Friday, March 7, 2008

Ruling seen as a threat to many home-schooling families

State appellate court says those who teach children in private must have a credential.

By Seema Mehta and Mitchell Landsberg, Los Angeles Times Staff Writers
March 6, 2008

Parents who lack teaching credentials cannot educate their children at home, according to a state appellate court ruling that is sending waves of fear through California's home schooling families.

Advocates for the families vowed to appeal the decision to the state Supreme Court. Enforcement until then appears unlikely, but if the ruling stands, home-schooling supporters say California will have the most regressive law in the nation.


"This decision is a direct hit against every home schooler in California," said Brad Dacus, president of the Pacific Justice Institute, which represents the Sunland Christian School, which specializes in religious home schooling. "If the state Supreme Court does not reverse this . . . there will be nothing to prevent home-school witch hunts from being implemented in every corner of the state of California."

The institute estimates there are as many as 166,000 California students who are home schooled. State Department of Education officials say there is no way to know the true number.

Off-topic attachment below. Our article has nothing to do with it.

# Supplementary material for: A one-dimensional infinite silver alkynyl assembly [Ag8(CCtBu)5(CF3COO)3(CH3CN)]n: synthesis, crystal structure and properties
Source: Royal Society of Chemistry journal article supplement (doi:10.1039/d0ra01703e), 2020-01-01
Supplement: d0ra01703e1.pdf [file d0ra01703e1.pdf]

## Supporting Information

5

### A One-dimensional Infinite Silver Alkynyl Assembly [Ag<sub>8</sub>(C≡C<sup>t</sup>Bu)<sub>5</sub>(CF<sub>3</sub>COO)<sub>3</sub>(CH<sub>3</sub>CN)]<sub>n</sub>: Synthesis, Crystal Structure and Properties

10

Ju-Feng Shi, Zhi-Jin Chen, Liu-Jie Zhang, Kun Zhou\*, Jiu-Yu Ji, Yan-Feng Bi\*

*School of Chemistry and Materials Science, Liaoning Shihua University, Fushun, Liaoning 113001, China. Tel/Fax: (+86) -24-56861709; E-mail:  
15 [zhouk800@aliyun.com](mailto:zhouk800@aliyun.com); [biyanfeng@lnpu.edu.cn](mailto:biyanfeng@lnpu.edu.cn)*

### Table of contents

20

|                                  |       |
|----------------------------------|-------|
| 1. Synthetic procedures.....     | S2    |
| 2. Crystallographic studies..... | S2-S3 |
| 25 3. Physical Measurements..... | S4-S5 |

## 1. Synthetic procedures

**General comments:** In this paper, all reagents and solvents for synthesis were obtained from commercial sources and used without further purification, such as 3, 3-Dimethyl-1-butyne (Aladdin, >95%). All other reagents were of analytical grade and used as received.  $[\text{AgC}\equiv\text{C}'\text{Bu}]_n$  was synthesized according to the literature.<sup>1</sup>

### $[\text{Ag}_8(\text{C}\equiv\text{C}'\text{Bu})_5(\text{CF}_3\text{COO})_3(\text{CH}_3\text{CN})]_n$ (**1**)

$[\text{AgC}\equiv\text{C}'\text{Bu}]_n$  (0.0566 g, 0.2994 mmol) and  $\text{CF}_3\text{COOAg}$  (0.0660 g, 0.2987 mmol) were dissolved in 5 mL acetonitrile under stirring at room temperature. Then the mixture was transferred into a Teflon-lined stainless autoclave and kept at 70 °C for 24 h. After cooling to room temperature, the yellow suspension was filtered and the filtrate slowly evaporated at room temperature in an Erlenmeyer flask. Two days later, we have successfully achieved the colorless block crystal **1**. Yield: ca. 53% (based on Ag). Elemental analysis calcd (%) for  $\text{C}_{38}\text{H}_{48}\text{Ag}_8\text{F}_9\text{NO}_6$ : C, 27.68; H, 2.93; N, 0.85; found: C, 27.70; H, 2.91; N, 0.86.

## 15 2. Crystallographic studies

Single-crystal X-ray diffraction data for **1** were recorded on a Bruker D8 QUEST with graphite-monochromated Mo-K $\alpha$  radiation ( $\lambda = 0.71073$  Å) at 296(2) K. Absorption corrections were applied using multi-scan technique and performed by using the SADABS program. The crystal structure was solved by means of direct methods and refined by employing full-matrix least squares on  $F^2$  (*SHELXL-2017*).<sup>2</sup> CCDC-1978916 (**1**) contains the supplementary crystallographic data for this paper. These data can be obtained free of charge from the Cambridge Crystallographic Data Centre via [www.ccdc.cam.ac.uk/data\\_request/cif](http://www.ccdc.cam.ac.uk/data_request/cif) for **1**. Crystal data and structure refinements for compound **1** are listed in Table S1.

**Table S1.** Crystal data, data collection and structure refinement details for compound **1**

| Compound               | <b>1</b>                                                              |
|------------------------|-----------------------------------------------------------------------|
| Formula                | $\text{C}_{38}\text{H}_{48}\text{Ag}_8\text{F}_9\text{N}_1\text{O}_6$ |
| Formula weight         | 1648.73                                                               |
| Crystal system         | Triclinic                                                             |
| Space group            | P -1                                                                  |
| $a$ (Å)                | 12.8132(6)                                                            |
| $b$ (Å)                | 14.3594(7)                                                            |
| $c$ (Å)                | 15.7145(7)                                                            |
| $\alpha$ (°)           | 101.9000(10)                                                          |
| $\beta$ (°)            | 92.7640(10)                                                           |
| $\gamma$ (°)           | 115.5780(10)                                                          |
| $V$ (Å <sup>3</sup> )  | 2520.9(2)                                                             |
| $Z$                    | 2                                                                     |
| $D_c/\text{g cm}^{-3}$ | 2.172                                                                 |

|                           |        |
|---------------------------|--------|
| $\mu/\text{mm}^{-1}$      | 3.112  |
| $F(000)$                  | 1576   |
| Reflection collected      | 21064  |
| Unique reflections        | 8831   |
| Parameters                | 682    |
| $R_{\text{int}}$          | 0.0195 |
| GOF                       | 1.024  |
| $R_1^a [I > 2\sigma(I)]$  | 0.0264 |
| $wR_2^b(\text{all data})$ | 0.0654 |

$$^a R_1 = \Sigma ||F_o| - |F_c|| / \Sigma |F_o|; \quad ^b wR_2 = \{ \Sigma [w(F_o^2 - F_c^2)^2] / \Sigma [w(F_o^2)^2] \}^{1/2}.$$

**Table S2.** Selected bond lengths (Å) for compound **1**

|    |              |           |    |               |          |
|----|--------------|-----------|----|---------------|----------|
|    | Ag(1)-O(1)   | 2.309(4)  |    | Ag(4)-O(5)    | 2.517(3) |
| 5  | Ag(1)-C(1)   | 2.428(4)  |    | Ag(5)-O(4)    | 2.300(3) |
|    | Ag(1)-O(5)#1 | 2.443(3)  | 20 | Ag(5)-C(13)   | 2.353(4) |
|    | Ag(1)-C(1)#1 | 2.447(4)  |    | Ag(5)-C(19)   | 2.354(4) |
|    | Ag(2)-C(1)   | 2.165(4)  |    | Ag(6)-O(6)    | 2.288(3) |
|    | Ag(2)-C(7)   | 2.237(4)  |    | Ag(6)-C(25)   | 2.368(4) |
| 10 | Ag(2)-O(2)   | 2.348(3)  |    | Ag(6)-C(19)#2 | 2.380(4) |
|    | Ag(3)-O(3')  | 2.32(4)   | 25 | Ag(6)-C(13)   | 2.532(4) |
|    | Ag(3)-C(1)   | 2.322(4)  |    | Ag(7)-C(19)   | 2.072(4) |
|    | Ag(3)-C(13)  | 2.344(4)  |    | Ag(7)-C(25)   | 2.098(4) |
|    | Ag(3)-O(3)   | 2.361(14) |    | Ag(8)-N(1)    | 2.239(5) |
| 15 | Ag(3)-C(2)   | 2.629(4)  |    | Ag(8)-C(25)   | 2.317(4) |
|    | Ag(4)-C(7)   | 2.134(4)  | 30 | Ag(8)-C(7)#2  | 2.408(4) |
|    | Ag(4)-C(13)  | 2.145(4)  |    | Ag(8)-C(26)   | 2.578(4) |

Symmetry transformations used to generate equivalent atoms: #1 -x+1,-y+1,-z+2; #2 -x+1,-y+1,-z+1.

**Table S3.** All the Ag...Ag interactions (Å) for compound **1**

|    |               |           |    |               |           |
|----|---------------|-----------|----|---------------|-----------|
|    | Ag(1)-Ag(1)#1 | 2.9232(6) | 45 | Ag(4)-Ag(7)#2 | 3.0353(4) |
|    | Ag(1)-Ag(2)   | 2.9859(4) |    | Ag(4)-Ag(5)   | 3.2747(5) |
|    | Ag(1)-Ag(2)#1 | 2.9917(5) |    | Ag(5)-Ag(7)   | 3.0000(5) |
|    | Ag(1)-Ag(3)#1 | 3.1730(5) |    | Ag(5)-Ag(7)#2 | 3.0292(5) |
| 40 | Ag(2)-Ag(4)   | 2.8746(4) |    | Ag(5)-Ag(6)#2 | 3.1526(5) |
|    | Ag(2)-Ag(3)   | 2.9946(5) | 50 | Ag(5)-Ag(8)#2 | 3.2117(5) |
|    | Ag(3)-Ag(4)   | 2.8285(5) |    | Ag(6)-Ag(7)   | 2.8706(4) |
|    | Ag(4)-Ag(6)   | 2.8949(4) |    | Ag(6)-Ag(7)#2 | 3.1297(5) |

Unlike at least 30 other states, home schooling is not specifically addressed in California law. Under the state education code, students must be enrolled in a public or private school, or can be taught at home by a credentialed tutor.

The California Department of Education currently allows home schooling as long as parents file paperwork with the state establishing themselves as small private schools, hire credentialed tutors or enroll their children in independent study programs run by charter or private schools or public school districts while still teaching at home.

California does little to enforce those provisions and insists it is the local school districts' responsibility. In addition, state education officials say some parents home school their children without the knowledge of any entity.

Home schoolers and government officials have largely accepted this murky arrangement.

"This works so well, I don't see any reason to change it," said J. Michael Smith, president of the Virginia-based Home School Legal Defense Assn.

The appellate court ruling stems from a case involving Lynwood parents Phillip and Mary Long, who were repeatedly referred to the Los Angeles County Department of Children and Family Services over various allegations, including claims of physical abuse, involving some of their eight children.